Starring: Christopher George, Patch Mackenzie, E. Danny Murphy
Director: Herb Freed
88 Films’ Slasher Classics Collection gets off to a promising start with Graduation Day (1981). It’s one of the most gialloesque of the original cycle of American slasher movies. After a girl drops dead at a track meet, a school athletics team find themselves being picked off by a killer with a fencing mask and épée, who times their murders with a stopwatch. Prime suspects are hard-talking, unsympathetic Coach Williams (Christopher George) and the dead girl’s martial arts-trained older sister, Ann (Patch Mackenzie), who has come back from overseas for the graduation day prize-giving.
A cool, collected outsider with a complicated home life, Ann hangs out with her sister’s distraught boyfriend Kevin (E. Danny Murphy) and goes about asking questions. Meanwhile, kids continue to get offed with a gory flourish, and eventually it dawns on the school principal that quite a few of them seem to be missing and unaccounted for … or maybe he’s got something to do with it too?
Eventually, Graduation Day dissipates itself in too many throwaway scenes, loud partying, inconsequential red herrings and serio-comic exchanges between men in horrible flat-fronted trousers (the Principal again, and a plainclothes cop who comes to look into the disappearances), and it pays the price for not cohering around a central character (Ann’s the closest thing we have to a protagonist, but the movie leaves too many questions about her unresolved). The first 50 minutes, however, stand up very well. You’d be forgiven for not expecting much from a man who was DP on a movie called Nude Bowling Party, but Daniel Yarussi’s cinematography is surprisingly sensual and atmospheric, as is the art direction by Chris Henry (Kevin has a particularly interesting living room, with a life-sized statue of a fat naked man in one corner and a senile old lady in another). As a result, Graduation Day has a dreamy, lyrical texture which director Herb Reed plays off ably against shots of the voyeuristically lurking, black-gloved killer. And even if it does slacken off for most of the third act, the movie picks itself up for a decent finale and it’s just a little more imaginative, deeply felt and exotic than the common run of stalk ‘n’ slash fare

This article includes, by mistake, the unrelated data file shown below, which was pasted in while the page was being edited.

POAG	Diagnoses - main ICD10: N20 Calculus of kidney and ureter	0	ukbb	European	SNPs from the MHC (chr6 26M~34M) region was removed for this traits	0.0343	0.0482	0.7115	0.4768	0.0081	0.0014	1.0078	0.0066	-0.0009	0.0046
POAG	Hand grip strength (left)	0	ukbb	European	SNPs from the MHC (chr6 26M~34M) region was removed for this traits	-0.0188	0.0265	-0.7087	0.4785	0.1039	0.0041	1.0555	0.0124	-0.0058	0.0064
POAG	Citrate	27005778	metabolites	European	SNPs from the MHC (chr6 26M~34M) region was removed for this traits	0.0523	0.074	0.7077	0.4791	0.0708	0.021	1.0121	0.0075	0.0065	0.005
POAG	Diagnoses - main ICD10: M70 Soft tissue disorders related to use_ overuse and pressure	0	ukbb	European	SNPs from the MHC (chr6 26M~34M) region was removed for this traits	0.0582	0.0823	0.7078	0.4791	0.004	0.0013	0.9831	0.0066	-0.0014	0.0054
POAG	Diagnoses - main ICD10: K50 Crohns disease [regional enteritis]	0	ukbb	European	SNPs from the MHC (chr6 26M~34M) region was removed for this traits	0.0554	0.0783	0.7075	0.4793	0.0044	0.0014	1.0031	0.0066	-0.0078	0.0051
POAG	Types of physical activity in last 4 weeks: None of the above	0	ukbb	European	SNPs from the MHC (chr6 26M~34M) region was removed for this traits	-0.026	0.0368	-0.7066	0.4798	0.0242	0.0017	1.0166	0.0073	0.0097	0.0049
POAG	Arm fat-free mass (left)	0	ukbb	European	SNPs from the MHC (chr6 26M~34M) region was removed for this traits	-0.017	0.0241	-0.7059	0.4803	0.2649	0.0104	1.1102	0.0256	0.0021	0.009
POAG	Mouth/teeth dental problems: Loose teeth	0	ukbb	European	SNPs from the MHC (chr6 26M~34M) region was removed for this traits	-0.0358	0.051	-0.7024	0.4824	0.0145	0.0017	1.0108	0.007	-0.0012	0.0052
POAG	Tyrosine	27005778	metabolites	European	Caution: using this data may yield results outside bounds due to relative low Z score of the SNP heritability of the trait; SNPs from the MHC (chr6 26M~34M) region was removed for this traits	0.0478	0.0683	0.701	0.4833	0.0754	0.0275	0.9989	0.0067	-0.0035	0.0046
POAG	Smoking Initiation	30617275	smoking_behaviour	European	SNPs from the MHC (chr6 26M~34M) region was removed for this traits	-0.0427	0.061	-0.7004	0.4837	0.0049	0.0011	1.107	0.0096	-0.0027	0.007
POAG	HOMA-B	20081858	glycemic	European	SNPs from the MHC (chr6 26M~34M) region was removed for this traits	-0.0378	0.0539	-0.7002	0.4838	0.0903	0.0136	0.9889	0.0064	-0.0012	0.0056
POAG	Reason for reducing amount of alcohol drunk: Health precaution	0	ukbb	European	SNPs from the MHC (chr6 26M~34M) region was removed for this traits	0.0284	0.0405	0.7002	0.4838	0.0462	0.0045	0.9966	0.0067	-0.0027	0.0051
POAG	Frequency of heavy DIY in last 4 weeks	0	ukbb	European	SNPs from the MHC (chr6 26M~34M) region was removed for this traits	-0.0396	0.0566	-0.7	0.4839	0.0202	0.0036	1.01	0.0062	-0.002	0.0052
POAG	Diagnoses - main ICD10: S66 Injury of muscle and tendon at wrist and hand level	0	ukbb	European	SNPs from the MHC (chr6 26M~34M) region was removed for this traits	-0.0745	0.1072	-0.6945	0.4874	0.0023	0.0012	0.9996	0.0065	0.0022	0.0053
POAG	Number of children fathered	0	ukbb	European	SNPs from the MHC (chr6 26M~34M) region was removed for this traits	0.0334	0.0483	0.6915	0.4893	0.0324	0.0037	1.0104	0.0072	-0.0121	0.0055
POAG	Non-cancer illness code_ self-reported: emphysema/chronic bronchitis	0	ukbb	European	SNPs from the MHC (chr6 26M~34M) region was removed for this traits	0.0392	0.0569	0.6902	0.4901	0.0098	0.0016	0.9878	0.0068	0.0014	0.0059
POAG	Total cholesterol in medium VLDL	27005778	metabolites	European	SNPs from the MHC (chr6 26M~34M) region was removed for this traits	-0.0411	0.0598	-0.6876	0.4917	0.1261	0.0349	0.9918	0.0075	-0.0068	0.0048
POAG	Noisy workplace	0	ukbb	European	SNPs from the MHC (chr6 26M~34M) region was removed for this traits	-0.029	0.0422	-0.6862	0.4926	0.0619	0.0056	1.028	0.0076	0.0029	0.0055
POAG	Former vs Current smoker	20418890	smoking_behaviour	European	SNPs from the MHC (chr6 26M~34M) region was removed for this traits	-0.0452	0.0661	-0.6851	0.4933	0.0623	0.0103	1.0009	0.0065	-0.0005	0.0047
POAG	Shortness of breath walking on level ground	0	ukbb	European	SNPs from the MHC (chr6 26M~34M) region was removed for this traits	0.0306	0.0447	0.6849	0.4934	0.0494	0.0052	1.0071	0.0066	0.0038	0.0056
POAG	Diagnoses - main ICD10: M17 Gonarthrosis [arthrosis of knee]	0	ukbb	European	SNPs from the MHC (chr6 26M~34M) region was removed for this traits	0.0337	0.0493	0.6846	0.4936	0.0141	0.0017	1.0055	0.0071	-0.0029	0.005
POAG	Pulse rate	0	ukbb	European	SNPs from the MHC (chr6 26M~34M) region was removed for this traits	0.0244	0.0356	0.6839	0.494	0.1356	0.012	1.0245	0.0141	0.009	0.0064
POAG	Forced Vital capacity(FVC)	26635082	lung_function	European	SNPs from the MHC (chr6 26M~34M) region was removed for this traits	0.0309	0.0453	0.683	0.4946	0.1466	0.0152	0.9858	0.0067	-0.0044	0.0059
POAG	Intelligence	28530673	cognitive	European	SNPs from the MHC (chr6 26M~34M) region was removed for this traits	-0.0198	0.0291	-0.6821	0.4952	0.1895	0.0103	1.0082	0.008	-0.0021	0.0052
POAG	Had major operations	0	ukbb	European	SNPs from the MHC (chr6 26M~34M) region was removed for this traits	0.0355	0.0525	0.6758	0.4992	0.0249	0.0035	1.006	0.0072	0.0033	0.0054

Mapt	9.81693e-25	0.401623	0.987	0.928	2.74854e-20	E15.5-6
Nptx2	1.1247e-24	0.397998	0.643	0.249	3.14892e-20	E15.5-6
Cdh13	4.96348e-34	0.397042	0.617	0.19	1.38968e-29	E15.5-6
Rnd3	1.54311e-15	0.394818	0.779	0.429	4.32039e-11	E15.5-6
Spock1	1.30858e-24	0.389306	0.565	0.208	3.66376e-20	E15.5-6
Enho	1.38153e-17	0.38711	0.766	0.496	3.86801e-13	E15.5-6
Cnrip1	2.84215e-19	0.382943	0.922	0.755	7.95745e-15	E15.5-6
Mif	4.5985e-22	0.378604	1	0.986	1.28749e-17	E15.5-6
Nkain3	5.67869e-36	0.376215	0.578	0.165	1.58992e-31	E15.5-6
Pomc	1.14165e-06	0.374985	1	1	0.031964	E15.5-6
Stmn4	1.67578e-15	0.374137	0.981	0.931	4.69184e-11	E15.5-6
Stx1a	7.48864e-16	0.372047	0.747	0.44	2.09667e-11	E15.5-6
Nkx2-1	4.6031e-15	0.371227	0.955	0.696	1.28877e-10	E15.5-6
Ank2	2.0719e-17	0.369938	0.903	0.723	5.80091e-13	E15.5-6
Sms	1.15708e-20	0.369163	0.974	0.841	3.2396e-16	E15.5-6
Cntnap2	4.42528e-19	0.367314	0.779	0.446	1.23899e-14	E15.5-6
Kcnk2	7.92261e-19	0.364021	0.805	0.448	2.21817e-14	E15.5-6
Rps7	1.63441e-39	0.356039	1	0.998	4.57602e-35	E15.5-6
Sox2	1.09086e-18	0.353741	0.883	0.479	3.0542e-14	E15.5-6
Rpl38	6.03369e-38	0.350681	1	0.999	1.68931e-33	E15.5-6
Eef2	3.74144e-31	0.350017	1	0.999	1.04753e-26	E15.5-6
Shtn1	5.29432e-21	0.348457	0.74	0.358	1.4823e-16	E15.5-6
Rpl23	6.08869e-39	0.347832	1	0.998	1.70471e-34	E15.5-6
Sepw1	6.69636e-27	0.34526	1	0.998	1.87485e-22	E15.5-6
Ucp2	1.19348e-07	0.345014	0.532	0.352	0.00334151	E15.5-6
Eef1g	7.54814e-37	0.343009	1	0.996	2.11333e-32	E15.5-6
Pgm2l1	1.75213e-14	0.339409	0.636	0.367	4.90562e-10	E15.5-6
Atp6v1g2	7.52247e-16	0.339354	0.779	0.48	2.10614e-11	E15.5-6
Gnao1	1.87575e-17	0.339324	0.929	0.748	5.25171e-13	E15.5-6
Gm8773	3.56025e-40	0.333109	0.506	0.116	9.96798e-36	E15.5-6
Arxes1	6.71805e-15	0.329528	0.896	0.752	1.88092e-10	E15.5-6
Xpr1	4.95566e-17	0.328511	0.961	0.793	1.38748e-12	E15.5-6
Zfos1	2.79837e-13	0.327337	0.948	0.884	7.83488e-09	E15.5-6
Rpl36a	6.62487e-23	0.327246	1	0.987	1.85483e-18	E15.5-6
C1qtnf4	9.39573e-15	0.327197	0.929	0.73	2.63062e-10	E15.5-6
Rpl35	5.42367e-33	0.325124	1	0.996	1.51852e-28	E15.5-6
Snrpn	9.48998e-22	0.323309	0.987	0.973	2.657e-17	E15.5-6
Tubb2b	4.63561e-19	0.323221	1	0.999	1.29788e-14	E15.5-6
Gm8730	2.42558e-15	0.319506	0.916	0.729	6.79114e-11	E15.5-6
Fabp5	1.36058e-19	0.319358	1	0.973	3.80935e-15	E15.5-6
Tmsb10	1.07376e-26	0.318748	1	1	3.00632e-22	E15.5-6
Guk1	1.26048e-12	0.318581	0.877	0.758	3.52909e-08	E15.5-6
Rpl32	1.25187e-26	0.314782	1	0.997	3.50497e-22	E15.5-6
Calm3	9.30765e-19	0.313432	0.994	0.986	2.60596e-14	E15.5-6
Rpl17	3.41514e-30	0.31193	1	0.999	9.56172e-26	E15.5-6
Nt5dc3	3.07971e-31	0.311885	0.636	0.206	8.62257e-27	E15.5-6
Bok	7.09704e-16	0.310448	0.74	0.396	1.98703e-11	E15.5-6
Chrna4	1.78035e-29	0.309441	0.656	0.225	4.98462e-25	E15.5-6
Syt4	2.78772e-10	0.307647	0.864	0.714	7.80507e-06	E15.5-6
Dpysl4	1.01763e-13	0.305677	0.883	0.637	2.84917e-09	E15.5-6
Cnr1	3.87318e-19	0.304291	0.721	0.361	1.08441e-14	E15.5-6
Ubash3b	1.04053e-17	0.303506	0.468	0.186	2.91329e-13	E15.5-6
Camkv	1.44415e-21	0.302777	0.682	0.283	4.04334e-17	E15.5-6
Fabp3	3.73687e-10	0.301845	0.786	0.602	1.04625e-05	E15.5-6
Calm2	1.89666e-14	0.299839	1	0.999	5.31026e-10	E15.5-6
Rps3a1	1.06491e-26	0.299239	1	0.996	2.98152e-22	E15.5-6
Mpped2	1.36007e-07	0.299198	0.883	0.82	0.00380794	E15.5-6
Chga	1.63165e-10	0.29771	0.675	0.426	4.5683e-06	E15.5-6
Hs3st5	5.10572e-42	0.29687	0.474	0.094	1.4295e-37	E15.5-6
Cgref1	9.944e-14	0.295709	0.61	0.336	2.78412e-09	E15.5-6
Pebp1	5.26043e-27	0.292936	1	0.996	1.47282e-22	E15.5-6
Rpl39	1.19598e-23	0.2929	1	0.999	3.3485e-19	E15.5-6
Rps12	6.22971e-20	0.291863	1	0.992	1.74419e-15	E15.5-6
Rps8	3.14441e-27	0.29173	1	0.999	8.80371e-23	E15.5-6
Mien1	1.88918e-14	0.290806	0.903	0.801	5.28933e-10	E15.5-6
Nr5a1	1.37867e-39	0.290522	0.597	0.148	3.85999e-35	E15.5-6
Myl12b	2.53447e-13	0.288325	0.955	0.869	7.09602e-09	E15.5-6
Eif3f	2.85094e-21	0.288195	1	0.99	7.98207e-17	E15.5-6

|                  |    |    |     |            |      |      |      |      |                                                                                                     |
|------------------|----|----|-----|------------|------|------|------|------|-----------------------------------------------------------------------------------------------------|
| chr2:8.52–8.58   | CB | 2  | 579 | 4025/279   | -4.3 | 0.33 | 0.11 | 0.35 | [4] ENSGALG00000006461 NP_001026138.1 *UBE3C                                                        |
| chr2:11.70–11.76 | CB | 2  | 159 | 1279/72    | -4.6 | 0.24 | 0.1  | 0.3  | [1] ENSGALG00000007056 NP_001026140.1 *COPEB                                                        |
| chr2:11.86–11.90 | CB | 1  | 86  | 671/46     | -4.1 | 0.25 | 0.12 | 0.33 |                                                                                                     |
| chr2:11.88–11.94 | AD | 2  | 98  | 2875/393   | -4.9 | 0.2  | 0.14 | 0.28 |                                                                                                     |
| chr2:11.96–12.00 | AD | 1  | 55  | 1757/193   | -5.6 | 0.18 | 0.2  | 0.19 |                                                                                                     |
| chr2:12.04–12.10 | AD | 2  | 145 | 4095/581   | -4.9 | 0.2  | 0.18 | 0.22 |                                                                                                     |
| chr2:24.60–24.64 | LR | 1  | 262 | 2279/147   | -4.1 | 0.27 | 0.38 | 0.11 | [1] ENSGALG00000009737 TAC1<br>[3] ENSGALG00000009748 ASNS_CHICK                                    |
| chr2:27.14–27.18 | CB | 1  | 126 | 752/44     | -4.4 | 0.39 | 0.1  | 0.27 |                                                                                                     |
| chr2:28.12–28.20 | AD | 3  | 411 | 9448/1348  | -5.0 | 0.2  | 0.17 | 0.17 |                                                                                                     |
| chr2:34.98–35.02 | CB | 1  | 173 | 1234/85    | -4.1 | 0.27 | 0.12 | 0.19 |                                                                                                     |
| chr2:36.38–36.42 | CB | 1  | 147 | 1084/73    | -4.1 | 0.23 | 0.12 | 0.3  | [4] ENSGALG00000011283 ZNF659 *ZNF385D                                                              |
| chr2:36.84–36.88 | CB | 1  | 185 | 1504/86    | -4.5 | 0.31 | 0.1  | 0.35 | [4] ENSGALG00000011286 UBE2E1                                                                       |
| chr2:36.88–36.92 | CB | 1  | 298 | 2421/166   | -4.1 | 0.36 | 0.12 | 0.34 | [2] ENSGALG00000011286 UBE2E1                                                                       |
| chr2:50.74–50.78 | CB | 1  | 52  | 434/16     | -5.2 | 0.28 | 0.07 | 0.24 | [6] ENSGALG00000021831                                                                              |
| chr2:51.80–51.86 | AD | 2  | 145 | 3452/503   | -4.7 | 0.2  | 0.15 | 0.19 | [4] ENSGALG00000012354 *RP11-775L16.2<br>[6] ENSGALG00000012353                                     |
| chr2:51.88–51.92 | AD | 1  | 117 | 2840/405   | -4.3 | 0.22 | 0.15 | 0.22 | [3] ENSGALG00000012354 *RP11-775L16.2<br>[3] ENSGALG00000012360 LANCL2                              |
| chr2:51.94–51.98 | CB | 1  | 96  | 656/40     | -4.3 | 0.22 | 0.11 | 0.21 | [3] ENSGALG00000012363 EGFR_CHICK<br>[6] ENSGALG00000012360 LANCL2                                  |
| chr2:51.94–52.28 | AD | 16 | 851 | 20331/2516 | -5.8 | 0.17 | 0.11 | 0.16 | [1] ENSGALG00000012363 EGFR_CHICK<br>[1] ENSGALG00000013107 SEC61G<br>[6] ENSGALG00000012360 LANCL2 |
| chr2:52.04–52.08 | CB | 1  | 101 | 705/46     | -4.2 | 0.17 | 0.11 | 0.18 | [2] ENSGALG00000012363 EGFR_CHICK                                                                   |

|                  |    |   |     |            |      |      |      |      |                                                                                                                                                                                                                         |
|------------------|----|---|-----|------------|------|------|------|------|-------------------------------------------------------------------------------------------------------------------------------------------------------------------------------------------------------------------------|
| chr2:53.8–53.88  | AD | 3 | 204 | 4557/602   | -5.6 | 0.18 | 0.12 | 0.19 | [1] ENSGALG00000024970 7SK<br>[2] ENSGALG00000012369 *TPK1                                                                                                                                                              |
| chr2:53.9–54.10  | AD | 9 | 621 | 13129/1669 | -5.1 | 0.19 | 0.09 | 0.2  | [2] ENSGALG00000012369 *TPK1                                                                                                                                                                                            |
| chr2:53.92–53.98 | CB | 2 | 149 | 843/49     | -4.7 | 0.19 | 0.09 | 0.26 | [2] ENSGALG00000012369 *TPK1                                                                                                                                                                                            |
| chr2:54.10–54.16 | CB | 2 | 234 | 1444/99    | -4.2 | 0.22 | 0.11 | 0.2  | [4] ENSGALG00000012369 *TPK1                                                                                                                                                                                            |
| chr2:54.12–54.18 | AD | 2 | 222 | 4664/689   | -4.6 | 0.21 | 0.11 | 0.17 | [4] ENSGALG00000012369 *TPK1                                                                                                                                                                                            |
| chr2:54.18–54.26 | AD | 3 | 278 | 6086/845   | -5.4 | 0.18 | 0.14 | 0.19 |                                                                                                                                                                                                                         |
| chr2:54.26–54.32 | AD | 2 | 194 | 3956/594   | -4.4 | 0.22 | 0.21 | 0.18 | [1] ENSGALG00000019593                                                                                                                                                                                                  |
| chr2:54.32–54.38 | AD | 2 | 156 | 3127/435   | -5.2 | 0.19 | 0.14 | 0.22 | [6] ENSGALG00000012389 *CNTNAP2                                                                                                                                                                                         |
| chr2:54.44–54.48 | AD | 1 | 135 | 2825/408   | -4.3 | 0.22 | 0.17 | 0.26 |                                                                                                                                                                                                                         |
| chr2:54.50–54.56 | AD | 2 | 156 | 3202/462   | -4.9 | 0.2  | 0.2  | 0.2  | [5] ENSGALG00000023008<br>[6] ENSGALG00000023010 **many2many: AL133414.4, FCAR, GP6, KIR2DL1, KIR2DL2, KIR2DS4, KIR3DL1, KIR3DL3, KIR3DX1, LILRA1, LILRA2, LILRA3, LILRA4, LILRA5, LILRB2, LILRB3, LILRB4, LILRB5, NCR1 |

The HD transfer is on the whole very nice, with a little grain in some of the darker scenes but plenty of depth and presence, capturing the bloom and shimmer of the visuals – the woodland scenes looks particularly dewy and crisp. The disc comes with a very informative 9-minute intro by Justin Kerswell, who talks about the director’s unlikely background in choreography, the film’s performance at the box office and the various members of the cast. On top of that, there are various facetious Troma bits and bobs, and the main attraction, a 77-minute documentary about scream queens hosted by Debbie Rochon. There are no great revelations and it consists more of soundbites that proper in-depth interviews, but it’s a chance to catch up with some familiar faces, including Michelle Bauer, Brinke Stevens, Linnea Quigley and Elvira. Topics under discussion include: the definition of the term scream queen, nudity (most voice regrets at having done it but said they had no choice, and only a few say they actually enjoyed it), crazy fans (Rochon reveals that when she had brain surgery, some of her admirers wanted to buy the tumour) and what makes a good scream (according to Linnea Quigley, it’s all about “being able to go from the diaphragm and just really let one out”).